Are they kidding? Do they really think this will float? No, they are not kidding, and yes, they believe that the university should be the servant of big business.
Accent on Accountability
So far, the secretary has defined the commission's task in the broadest of terms, saying that it will tackle such global issues as access, affordability, accountability, and productivity. In a one-page letter to its members, she also spoke of the need to ensure that higher education keeps pace with the changing economy.
A Federal Register notice on the commission provided a few more details, saying the panel would examine how colleges can serve minority students better, promote lifelong learning, produce more mathematics and science majors, and prepare students for the global economy. The commission, the notice said, would "analyze whether the current goals of higher education are appropriate and achievable."
Richard K. Vedder, a professor of economics at Ohio University and a panel member, says it looks like the commission "has a good bit of latitude."
Still, if the chairman's past work is any indication, a major focus of the panel will be accountability. Mr. Miller has been promoting that concept since the late 1980s, when he chaired a Texas task force that developed a state accountability program that became a model for the No Child Left Behind Act.
As a member and later chairman of the University of Texas System Board of Regents from 1994 to 2004, he proposed new reporting requirements for the nine undergraduate colleges in the system and endorsed testing for all freshmen and seniors. The reporting system went statewide last year, and a test of students' analytical and verbal skills is now in the pilot stage.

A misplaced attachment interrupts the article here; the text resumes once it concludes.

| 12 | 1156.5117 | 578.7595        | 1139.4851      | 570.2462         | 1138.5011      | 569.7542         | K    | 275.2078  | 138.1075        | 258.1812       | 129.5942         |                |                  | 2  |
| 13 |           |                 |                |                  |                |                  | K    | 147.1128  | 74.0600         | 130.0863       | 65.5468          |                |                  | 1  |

And when he testified before Congress in 2003, Mr. Miller suggested that colleges test students in their first two years "to measure student learning at the undergraduate level across institutions."
"I don't have a middle name, but if I did, it would probably be accountability," Mr. Miller says.
The chairman insists he is not out to regulate colleges, but only to hold them accountable to taxpayers. He says policy makers and parents alike need better information about how colleges are performing. "I believe in giving institutions the maximum freedom to operate themselves," he says, "but we do want to see what the results are."
Still, Mr. Miller's emphasis on accountability alarms some academics, who fear that he will try to expand President Bush's signature education law to apply to colleges. "I just hope this doesn't result in No College Student Left Behind," says Michael A. Olivas, director of the Institute for Higher Education Law and Governance at the University of Houston.